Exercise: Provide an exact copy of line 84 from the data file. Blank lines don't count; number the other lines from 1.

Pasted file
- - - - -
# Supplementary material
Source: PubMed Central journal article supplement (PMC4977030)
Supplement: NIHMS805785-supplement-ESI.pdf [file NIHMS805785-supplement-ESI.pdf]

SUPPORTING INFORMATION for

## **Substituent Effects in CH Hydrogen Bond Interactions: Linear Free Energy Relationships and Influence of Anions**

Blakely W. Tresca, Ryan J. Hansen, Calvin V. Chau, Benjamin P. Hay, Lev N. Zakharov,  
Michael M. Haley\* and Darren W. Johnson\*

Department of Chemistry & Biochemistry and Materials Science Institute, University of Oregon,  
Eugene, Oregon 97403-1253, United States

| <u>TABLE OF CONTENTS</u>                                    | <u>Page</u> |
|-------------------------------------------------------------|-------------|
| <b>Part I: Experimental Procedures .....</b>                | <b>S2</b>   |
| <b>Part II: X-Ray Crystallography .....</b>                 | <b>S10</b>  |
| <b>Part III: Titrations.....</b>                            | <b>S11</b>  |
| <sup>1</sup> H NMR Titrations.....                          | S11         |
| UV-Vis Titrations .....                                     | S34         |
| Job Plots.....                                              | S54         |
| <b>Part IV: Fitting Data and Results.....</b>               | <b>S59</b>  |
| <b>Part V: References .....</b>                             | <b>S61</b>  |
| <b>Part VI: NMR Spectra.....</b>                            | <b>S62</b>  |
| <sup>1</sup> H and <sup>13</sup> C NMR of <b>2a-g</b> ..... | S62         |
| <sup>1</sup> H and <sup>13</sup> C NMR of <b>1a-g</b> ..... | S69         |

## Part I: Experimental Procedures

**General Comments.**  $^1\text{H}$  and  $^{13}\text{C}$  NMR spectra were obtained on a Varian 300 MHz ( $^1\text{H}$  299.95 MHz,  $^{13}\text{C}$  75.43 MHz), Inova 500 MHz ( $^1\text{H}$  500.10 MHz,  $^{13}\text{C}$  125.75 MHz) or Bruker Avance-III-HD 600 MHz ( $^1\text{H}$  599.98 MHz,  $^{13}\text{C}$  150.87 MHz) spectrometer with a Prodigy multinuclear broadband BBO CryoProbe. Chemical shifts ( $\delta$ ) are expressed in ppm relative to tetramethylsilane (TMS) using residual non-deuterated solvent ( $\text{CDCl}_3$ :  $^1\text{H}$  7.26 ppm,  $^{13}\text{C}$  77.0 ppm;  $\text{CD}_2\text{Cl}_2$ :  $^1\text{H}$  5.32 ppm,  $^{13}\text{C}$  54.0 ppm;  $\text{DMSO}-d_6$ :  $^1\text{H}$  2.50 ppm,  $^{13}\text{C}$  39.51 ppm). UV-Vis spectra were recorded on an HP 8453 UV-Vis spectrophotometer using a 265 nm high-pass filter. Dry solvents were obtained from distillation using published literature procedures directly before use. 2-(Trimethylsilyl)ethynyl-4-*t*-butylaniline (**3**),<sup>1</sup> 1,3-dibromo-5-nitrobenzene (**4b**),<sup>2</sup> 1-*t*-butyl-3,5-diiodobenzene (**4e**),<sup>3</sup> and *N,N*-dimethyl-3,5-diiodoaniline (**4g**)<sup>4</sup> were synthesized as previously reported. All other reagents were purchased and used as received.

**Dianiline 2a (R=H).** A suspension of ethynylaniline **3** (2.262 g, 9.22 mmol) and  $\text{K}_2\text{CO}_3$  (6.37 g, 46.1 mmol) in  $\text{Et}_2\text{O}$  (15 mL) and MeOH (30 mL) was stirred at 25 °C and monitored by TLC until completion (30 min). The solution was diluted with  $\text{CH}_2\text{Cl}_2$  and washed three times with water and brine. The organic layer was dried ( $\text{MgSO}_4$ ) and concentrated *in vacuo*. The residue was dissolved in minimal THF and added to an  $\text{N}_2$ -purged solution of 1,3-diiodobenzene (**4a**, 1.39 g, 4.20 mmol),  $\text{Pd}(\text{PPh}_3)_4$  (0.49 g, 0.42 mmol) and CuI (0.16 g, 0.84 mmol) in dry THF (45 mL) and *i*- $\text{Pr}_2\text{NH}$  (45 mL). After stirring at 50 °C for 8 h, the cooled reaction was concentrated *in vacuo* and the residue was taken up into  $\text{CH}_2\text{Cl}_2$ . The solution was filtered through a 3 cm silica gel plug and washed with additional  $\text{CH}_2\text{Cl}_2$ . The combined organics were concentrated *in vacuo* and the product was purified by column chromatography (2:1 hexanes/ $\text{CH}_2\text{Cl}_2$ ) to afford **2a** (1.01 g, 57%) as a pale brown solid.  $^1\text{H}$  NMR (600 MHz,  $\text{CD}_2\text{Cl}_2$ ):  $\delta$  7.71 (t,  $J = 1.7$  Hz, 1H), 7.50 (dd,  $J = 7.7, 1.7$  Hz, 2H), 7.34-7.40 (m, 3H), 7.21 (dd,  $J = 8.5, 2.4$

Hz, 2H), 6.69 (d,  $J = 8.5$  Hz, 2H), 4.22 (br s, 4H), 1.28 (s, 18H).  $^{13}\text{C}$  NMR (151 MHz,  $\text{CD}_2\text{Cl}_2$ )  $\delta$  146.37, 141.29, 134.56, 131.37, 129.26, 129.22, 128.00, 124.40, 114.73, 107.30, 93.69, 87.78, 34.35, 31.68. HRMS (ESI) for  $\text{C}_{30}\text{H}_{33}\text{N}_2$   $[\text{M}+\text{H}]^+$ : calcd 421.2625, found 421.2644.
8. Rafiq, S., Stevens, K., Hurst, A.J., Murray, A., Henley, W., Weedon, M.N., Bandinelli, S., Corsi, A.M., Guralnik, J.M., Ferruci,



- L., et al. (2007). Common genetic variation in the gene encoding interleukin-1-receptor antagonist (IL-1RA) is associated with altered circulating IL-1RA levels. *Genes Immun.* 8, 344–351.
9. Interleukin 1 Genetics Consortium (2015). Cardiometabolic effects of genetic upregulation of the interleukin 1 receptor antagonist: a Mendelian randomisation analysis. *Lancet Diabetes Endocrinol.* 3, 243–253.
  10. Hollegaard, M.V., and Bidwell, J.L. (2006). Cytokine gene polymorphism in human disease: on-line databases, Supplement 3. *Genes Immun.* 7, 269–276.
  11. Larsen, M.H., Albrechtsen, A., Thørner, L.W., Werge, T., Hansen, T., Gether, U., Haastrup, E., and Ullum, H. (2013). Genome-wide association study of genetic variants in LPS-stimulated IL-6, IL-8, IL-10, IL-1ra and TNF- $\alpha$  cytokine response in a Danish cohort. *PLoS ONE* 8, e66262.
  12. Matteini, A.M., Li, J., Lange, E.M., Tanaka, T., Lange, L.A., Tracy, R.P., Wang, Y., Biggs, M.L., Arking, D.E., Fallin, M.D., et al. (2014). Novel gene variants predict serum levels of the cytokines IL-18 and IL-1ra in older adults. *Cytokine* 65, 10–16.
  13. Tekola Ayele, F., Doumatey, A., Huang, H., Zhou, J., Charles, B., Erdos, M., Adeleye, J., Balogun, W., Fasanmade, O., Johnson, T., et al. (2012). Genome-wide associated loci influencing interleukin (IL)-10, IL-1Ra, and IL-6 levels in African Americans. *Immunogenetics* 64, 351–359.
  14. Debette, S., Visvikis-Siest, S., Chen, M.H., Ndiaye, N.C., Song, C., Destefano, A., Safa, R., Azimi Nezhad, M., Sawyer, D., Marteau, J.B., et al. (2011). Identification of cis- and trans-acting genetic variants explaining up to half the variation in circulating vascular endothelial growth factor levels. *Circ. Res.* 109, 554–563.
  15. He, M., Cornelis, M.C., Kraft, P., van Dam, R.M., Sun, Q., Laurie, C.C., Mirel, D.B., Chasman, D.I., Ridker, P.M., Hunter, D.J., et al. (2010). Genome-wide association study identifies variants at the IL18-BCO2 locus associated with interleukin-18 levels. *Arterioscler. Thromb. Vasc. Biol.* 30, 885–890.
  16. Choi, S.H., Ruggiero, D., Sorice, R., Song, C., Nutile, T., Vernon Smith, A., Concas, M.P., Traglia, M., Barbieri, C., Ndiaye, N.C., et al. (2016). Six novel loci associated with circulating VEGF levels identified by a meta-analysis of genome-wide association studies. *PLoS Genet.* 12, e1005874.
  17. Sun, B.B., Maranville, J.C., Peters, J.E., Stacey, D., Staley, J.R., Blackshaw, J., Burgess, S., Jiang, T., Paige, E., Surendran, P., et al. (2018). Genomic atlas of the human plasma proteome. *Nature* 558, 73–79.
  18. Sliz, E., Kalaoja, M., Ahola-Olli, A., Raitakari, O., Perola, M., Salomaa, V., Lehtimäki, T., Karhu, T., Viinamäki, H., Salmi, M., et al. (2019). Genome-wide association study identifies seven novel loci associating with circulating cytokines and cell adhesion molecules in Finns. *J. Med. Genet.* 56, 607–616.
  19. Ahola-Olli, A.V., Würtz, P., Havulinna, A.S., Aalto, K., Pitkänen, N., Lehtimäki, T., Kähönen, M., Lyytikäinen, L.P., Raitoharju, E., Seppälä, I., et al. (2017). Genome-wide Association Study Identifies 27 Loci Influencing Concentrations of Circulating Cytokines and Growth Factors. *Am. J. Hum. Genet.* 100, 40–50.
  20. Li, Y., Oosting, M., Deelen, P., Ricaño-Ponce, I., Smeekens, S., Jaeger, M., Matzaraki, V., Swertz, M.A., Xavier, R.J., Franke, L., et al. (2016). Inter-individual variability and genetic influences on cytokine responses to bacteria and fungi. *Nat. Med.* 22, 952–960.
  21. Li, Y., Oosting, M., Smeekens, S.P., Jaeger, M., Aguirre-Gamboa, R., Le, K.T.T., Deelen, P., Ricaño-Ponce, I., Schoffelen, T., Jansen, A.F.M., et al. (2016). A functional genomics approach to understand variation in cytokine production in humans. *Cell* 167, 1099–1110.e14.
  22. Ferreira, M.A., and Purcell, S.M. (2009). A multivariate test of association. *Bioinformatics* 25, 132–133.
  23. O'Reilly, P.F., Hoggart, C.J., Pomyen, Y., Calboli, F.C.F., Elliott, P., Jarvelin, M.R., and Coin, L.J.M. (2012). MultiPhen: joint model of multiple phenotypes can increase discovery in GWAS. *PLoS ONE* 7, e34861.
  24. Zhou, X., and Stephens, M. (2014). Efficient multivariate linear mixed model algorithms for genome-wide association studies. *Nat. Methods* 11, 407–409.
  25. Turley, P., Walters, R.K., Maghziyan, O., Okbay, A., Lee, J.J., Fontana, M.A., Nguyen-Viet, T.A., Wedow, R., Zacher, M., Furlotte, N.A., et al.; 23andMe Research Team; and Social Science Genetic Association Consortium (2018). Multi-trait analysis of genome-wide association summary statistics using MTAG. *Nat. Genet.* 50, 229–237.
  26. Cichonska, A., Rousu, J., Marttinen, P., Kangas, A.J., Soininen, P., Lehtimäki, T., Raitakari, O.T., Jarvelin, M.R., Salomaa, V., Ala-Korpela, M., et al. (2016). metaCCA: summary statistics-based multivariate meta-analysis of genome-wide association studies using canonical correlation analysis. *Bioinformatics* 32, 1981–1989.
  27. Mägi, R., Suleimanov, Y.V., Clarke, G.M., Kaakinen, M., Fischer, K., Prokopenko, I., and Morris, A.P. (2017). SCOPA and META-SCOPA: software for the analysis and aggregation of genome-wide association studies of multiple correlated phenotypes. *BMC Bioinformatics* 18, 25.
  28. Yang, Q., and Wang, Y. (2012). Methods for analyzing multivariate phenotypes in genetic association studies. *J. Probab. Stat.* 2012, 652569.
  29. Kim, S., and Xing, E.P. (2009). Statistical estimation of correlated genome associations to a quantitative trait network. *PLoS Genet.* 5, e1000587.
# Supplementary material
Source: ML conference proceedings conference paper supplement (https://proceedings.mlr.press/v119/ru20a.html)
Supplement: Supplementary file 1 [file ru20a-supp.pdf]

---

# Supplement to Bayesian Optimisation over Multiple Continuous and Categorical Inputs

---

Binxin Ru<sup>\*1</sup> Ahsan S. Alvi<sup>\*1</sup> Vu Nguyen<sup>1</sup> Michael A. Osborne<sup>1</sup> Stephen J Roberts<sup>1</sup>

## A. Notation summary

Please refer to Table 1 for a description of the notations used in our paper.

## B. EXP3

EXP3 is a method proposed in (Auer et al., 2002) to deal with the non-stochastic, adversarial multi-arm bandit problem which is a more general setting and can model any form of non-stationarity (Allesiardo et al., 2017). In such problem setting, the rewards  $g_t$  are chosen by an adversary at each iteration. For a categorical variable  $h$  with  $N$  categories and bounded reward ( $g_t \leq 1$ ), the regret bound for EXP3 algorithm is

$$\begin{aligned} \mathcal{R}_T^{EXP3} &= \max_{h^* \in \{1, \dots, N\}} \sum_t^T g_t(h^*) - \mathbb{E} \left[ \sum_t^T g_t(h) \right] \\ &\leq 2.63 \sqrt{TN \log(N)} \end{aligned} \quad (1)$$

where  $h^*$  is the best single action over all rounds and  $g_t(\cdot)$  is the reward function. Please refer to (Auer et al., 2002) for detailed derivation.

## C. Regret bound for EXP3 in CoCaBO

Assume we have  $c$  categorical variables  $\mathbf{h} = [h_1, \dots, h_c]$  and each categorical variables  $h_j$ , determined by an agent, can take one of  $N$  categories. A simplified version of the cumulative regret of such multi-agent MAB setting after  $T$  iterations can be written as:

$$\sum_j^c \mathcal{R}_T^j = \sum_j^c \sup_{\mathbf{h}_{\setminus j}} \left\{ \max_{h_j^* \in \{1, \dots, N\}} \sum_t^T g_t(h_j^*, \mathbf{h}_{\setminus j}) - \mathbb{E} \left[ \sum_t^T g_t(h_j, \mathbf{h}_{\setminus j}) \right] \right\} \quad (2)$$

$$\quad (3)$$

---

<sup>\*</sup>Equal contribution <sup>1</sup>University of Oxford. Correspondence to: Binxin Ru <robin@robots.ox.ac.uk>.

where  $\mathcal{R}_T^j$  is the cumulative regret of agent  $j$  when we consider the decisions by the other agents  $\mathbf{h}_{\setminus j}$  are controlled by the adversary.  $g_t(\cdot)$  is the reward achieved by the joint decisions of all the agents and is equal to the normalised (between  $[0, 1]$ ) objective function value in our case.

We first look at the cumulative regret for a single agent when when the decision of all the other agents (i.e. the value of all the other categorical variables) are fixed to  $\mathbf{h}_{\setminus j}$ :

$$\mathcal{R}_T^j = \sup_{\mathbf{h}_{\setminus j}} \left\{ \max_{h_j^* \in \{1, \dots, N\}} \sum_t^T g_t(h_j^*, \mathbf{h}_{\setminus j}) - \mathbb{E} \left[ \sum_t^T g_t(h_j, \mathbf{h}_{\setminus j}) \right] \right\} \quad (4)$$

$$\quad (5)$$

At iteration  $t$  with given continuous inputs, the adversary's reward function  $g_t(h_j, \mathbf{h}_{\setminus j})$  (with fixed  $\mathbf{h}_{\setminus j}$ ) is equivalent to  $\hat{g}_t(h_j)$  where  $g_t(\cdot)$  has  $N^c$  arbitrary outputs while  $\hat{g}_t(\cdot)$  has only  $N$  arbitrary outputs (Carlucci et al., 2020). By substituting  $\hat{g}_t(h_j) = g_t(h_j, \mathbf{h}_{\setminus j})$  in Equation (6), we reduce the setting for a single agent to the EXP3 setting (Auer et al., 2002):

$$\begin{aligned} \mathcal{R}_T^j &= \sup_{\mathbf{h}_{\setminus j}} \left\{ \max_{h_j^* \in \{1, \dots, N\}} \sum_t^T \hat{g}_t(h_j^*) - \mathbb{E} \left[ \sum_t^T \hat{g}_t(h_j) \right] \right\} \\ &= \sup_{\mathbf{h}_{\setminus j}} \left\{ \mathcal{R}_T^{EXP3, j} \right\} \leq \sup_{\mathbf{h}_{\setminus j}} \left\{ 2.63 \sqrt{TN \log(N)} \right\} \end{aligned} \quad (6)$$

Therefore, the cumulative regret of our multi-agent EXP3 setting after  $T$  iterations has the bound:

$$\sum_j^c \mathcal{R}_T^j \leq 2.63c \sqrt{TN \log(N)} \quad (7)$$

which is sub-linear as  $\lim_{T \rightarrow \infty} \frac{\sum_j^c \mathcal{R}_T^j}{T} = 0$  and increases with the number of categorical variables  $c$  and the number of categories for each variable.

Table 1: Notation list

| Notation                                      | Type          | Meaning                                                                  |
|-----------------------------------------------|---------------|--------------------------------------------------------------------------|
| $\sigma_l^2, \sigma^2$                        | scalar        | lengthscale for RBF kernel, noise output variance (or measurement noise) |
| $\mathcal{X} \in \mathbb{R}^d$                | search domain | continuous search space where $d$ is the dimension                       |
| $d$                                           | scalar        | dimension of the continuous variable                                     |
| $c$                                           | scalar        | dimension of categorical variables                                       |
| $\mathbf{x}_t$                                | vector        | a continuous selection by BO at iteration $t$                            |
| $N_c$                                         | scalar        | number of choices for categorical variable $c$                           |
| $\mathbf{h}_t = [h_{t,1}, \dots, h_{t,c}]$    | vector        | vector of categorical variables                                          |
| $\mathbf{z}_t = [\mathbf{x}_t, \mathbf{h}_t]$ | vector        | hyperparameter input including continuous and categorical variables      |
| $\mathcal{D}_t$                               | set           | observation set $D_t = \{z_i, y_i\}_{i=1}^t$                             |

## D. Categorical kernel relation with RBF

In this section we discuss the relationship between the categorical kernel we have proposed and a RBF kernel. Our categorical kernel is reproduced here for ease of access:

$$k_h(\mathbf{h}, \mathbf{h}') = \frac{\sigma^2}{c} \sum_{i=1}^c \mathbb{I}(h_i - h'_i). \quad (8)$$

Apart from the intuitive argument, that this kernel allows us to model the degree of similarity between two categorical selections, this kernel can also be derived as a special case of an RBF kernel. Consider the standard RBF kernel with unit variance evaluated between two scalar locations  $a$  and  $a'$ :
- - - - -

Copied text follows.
| $c$                                           | scalar        | dimension of categorical variables                                       |